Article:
Monday, October 6, 2008

Washington/Beijing/Taipei Relations Following the Arms Sales

Washington/Beijing/Taipei Relations Following the Arms Sales
China Times editorial (Taipei, Taiwan, ROC)
A Translation
October 6, 2008

On October 3, the current administration in Washington announced the sale of six items to Taipei, totalling 6.4 billion USD. This is the largest arms sale since the 1992 sale of 150 F-16A/B fighters.

The Bush administration decided long ago to proceed with the sales. But it delayed carrying them out until the end of Bush's second term. The public is not attributing the delay to the Ma administration. Instead, it is attributing the delay to tensions between Washington and Taipei. The delay reflects not merely tensions between Washington and Taipei, but also the complex relationship between Washington, Beijing, and Taipei. A spokesman for the Office of the President said the arms sale symbolizes an era of peace, security, and renewed trust between Taipei and Washington. That may be an overstatement. Critics of the Ma administration consider it an ultimatum from Washington, or even a deterioration in relations between Washington and Taipei. That is also an exaggeration.

The arms sales originated when the Bush administration took office. The Democratic Progressive Party was already in office. But as a result of the Five Noes commitment, national security was given priority. The ruling US administration joined forces with right wing Neoconservatives within the US government, in an effort to prevent China's rise. This was the background for the arms sales. At the time Blue vs. Green confrontation involved Blue Camp legislators such as Su Chi, who is now Secretary General of the National Security Council. Their vehement opposition delayed approval of the arms budget.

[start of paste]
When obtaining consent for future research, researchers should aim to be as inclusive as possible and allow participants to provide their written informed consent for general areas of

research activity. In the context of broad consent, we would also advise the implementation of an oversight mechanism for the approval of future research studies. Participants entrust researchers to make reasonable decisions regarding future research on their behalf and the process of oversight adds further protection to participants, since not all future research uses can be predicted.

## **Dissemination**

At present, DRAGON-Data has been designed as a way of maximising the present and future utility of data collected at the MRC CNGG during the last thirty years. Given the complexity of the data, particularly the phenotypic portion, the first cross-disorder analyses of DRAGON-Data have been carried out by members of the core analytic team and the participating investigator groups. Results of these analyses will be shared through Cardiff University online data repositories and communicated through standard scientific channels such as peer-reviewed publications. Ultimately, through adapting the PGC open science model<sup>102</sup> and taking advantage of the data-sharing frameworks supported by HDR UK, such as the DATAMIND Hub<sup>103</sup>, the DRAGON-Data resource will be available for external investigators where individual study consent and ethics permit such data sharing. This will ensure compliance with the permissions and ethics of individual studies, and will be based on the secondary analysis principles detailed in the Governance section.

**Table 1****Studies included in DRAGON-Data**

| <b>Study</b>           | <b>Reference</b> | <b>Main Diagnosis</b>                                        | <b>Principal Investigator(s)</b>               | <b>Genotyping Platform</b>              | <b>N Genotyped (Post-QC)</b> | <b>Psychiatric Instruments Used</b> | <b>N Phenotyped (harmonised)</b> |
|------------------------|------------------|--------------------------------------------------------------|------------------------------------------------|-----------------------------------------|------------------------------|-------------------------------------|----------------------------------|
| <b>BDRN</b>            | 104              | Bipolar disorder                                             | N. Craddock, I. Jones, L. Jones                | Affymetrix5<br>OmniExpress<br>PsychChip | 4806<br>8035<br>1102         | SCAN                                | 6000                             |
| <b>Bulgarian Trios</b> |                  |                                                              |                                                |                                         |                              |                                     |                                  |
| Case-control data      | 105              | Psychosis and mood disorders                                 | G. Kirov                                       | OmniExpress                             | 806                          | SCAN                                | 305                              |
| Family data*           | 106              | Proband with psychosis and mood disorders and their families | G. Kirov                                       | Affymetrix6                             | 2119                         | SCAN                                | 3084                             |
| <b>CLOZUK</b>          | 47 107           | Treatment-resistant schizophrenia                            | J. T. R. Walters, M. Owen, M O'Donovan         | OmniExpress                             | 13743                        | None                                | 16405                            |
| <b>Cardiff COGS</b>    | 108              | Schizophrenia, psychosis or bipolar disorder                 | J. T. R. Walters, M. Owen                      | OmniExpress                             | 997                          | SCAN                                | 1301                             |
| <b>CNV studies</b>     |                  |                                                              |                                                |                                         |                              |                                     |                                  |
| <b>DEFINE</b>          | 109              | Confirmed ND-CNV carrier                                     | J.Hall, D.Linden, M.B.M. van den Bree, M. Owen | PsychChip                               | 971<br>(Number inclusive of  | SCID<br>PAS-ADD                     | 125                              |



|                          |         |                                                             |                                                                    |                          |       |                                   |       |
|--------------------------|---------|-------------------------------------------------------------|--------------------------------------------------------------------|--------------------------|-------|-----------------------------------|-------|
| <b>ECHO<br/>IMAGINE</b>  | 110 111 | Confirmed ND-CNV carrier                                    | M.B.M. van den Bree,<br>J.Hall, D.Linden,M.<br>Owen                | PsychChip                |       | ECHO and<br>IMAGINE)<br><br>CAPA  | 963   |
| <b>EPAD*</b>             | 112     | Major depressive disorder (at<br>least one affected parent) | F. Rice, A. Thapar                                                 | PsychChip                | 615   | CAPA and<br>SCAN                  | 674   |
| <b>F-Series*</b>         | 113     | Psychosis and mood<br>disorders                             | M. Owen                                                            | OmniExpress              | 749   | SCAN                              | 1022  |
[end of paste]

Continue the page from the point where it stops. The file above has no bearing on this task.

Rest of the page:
By the end of Bush's first term, the war in Iraq was no longer going so well. Secretary of Defense Donald Rumsfeld and Deputy Secretary of Defense Paul Wolfowitz left one after another. The Neoconservatives lost power. The Realists gained the upper hand. The ruling DPP repeatedly upset cross-Strait relations, becoming the troublemaker for relations between Washington, Beijing, and Taipei. Washington halted arms sales to Taipei. It could not afford to reward Taipei for making trouble. This has since become the consensus.

A new administration is in office. The freeze on arm sales has been lifted. But the new administration is also promoting cross-Strait reconciliation. National defense policy is being subordinated to larger strategic concerns. One allegation after another has been leveled. One allegation was that the Han Kuang Manueuvers would not use live ammunition. The most widely discussed was an alleged change in the arms sales situation, that the Ma administration had leaned too far toward Beijing. Not only had he implemented a diplomatic cease-fire, he was destroying our national defense, handing the nation over to Beijing. Another allegation was that Washington had doubts about Ma's political views before the election, and that following the election, it was unhappy with the Ma administration's policy tilt. Washington was said to be using arms sales as a slap on the wrist.

In any case, the arms sales have been approved. That in itself refutes many of the allegations. What really deserves our attention is future relations between Washington, Beijing, and Taipei. We must take Taipei's interests and position into account. Cross-Strait relations may be improving, but the Republic of China should continue to maintain a strong national defense. This includes enhancing weapons performance and strengthening relations with our allies. Weapons R&D and the purchase of weapons from foreign sources go hand in hand, and should not be neglected. Military cooperation with friendly nations, arms purchases, and joint maneuveurs must all be maintained.